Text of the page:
«It’s the strangest kind of documentary where the main character was not real but everybody else was», says Eugene Richards about his new film Thy Kingdom Come.

Melita Zajc
Melita Zajc
Melita Zajc is a media anthropologist and philosopher. Regular contributor to Modern Times Review.
Published date: January 30, 2019

I am always looking for moments in art where reality and fiction intertwine; where scripted and unscripted elements are melding one into another; where other conventional limits of visual representation have been transcended. Eugene Richards’ film Thy Kingdom Come is one of these moments. «It’s the strangest kind of documentary where the main character was not real but everybody else was,» says Eugene Richards in the interview accompanying his retrospective exhibition Eugene Richards: The Run-On of Time at the ICP Museum in New York.

Photographs from the heart

Richards is the award-winning photographer whose work is often compared to the subjective approach of Robert Frank and the photographic essays of W. Eugene Smith. He often worked as a photojournalist and has, as Truls Lie asserts in his MTR article «The Knot in the Heart,» developed his own style in his unique closeness to his objects. His photographs – whether from an operation room in an emergency wing or from inside a psychiatric hospital in Mexico – are motivated by his honest concern for others.

The film is composed of the footage Richards shot seven years ago while he was working on the Terence Malik’s fiction film To the Wonder.

Early in his career, while living in eastern Arkansas, he helped found the newspaper Many Voices, aiming to shed light on the dire conditions of black people in America. Photographs from that time became his first monograph Few Comforts or Surprises: The Arkansas Delta. In Thy Kingdom Come he gives voice to the largely invisible common people of contemporary America: a cancer patient suffering from unbearable pain; a depressed drug addict; a mother who’s older child accidentally killed her younger one; an obese woman who was brutally abused as a child; a former member of the Ku Klux Klan. In the words of Javier Bardem, who plays the fictional role of the priest in the documentary: «Is this a true story? Yes, I would say so. Is the priest a real priest? No, but it’s as if they were waiting for him.»

Adam and Samantha outside their home from Thy Kingdom Come, 2018 Courtesy the artist

The film is composed of the footage Richards shot seven years ago while he was working on the Terence Malik’s fiction film To the Wonder. His job was to find local residents of a small town in Oklahoma who would be open to appearing in Malik’s movie and film them talking to the movie’s character of the priest. They were then to take that footage and produce short vignettes that might later be woven into the final production. But, explains Richards, «When people started talking, they kept talking and talking. They all knew that he (Bardem) was an actor but that didn’t change the thing, they wanted to tell their story.» Thus, Richards recorded much more footage than needed for the Malik film, and when he was granted the rights for the footage he made a film of his own.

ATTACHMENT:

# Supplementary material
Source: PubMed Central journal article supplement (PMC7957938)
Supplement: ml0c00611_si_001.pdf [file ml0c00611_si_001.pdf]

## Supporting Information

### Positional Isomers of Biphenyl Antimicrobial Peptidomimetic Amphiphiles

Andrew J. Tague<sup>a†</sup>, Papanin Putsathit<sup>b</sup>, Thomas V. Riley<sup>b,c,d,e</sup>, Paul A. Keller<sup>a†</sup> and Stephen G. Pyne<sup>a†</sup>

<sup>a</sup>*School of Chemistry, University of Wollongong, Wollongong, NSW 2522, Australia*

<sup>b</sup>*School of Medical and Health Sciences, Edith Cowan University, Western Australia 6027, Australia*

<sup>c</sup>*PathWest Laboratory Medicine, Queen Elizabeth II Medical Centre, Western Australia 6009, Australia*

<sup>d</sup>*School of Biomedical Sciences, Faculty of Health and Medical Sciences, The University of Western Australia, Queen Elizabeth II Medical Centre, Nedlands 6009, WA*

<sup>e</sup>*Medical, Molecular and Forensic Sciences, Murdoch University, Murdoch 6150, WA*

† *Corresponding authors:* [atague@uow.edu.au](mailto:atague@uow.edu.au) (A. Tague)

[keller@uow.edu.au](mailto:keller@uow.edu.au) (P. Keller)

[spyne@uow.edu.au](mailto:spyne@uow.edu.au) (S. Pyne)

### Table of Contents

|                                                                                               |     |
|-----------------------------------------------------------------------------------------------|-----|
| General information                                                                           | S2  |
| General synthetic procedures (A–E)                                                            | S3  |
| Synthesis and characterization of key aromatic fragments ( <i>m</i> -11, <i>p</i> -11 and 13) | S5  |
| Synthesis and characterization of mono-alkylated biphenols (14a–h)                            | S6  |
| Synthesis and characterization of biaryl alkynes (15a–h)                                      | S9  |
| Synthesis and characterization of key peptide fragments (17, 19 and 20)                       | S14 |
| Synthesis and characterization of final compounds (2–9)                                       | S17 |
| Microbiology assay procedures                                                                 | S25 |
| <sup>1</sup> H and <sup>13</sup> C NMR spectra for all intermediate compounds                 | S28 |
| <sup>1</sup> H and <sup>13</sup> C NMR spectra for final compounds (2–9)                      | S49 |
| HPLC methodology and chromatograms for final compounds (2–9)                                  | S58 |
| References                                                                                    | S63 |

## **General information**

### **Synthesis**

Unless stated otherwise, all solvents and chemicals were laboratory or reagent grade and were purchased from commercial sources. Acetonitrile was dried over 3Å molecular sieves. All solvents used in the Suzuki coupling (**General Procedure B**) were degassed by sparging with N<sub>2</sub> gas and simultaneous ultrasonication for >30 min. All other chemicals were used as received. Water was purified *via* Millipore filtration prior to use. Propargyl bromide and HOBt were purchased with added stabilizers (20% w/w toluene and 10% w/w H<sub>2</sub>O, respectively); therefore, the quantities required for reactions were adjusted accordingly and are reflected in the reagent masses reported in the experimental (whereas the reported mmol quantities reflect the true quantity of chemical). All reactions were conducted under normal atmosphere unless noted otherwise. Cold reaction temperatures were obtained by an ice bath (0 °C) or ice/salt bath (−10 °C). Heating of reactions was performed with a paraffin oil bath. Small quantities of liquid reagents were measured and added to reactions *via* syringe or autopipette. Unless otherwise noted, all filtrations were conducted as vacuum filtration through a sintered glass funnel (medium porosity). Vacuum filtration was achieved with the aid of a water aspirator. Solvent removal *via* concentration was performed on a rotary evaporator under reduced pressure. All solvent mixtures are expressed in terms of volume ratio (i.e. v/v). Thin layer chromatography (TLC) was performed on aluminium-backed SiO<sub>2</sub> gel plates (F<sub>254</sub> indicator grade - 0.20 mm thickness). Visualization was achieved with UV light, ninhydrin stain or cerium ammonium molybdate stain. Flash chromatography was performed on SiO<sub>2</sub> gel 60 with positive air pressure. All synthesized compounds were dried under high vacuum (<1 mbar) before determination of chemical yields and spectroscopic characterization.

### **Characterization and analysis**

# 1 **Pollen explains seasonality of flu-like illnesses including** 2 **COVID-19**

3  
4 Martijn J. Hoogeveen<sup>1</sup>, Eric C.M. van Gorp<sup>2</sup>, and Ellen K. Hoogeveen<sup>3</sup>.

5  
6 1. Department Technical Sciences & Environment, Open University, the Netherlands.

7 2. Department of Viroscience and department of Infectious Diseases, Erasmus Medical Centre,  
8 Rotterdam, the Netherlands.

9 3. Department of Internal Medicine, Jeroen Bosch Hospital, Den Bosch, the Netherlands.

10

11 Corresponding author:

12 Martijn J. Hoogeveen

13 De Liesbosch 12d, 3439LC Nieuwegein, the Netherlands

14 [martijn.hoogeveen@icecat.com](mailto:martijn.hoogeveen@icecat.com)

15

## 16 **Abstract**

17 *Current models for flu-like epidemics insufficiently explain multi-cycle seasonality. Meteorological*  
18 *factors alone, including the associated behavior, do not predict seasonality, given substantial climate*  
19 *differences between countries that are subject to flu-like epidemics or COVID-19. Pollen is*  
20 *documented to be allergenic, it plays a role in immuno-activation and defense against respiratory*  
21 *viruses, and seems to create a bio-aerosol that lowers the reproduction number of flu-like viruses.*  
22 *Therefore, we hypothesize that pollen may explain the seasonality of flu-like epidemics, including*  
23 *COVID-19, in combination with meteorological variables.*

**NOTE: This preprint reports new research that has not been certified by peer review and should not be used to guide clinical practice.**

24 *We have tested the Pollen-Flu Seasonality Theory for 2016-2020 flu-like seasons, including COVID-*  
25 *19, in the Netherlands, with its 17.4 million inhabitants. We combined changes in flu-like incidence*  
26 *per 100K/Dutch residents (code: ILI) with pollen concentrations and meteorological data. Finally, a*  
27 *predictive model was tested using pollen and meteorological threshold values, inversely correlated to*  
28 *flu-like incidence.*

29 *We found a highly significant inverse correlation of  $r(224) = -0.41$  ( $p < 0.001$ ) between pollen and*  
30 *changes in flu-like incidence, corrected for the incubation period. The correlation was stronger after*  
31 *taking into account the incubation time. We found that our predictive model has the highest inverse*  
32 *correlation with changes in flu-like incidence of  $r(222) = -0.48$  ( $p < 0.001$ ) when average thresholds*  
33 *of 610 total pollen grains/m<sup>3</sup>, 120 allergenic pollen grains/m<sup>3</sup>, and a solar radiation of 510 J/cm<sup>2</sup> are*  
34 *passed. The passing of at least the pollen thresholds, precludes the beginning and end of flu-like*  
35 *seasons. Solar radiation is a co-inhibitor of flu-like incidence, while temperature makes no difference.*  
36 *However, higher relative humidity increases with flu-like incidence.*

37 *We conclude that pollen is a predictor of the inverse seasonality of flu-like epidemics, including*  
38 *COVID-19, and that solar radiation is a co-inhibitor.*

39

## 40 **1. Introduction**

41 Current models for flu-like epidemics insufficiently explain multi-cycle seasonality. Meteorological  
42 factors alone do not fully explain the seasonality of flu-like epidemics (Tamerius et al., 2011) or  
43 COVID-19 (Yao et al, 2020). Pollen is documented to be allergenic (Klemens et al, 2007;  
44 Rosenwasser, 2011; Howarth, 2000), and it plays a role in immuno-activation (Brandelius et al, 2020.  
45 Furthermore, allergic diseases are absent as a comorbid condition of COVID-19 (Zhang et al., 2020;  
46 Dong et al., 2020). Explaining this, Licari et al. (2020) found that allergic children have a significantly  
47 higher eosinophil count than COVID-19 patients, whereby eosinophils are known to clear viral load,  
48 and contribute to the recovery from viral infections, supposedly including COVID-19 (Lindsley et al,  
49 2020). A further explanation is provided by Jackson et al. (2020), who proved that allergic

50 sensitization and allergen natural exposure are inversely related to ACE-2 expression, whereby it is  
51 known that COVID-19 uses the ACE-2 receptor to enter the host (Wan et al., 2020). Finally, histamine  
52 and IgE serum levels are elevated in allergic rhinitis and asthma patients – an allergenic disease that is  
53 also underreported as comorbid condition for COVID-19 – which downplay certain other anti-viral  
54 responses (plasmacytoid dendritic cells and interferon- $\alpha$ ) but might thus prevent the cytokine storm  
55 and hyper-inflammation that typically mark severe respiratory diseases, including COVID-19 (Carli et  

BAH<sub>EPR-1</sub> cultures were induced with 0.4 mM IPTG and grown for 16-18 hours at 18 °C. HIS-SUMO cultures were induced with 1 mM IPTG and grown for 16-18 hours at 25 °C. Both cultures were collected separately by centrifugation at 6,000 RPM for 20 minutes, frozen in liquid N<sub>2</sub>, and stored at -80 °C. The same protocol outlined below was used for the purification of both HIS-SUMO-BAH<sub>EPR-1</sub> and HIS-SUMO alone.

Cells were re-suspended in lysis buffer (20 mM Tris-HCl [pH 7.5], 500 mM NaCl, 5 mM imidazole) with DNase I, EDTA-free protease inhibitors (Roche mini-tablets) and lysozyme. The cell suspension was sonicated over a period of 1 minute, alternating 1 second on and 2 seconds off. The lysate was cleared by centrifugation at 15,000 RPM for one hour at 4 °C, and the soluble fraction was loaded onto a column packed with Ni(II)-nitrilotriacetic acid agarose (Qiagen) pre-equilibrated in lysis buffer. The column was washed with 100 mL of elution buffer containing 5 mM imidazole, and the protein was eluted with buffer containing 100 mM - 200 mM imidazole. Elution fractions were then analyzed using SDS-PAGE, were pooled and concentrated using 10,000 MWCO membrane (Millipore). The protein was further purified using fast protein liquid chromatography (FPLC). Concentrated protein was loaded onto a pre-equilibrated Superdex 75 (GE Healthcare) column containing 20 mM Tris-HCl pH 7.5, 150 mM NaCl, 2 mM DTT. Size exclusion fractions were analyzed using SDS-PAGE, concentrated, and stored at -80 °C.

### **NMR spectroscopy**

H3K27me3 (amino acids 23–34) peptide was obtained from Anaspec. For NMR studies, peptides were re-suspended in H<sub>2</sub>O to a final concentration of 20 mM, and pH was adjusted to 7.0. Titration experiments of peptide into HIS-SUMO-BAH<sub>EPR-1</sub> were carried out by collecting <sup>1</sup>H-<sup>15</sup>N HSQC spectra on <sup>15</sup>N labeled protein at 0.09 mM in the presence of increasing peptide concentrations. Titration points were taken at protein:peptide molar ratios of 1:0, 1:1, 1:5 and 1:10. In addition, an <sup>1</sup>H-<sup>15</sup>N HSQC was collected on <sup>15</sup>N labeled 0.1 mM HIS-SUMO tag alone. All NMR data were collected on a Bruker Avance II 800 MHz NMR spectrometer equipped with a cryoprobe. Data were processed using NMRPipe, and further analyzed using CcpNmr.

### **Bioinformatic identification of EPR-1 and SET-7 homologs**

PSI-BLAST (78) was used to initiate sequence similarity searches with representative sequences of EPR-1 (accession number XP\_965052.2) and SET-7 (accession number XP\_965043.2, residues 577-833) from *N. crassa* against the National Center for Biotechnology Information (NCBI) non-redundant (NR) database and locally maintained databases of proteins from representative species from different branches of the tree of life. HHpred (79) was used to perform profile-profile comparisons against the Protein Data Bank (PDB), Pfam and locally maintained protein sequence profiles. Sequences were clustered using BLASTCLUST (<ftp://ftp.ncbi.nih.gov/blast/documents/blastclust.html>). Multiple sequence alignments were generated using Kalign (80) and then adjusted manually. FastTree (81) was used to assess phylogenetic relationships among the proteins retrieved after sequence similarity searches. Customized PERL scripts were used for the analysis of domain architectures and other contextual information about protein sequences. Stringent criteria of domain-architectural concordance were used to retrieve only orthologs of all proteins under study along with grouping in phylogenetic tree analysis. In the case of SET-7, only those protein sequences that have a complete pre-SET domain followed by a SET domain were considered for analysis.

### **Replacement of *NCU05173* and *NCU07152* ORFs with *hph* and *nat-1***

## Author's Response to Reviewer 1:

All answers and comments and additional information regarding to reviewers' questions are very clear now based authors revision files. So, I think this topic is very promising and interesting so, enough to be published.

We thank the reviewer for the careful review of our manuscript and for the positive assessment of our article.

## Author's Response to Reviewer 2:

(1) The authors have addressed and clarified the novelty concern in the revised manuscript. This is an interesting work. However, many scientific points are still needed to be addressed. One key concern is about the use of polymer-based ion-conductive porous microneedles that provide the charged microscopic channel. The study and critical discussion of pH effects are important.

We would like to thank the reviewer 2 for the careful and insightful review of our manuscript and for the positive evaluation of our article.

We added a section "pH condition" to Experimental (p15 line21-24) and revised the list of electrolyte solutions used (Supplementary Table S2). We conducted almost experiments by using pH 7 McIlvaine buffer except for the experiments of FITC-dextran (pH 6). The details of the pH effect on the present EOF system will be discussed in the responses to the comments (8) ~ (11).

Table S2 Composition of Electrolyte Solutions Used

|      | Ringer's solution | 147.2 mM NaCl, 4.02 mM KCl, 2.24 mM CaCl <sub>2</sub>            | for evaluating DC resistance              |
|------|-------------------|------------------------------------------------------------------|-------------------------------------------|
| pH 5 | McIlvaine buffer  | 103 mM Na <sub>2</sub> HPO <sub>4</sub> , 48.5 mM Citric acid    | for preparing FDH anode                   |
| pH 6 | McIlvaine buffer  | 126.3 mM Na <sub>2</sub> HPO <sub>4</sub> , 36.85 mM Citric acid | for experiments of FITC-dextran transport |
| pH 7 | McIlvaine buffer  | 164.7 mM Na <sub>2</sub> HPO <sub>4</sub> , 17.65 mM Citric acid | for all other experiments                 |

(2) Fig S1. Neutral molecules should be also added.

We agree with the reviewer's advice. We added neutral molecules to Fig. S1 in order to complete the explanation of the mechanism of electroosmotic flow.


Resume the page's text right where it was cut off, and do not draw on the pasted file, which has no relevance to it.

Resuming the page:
A world familiar yet unknown

Richards, along with Thy Kingdom Come’s editor Sam Richards, organised individual stories into sequences that partly intertwine. Bardem is present in each of them, dressed as a priest, acting as a priest, but remaining in the background. What makes the film truly extraordinary is the visual perspective created by the camera being positioned below eye level.

Because the shots do not mimic «natural» perspective, we are faced with a world familiar and yet unknown.

Richards keeps the recording device away from the subject’s sightlines, allowing the gaze between Bardem and the subjects to remain undisturbed. The camera becomes an extension of the hand instead of the eye. The viewer remains close to the subject’s faces, while the low-angle shots indicate respect and affection. Simultaneously, one can see the immediate surroundings – not only people’s faces but their hands or feet, even toys, cushions and blankets, the agenda in the priests’ hands. The camera hardly moves and the objects often obstruct the frame, bringing visual representation closer to experience.

Tasia and her daughter from Thy Kingdom Come, 2018 Courtesy the artist

Because the shots do not mimic «natural» perspective, we are faced with a world familiar and yet unknown – discontinuous, fragmented, transitional. I wouldn’t want to spoil the viewer’s pleasure by revealing too much, so let me just say that not all the subjects are ready to open up to the priest. They all try to explain their situation by talking about their past, and they all have hope for eventual redemption: thy kingdom come. But by far the most surprising thing in the narrations is not the subjects’ hope but rather the violence that surrounds them. The film’s fragmented vision makes this almost tangible.

<style=”color:red;”>Read Also: Eugene Richards: The Run-On of Time @ ICP Museum New York


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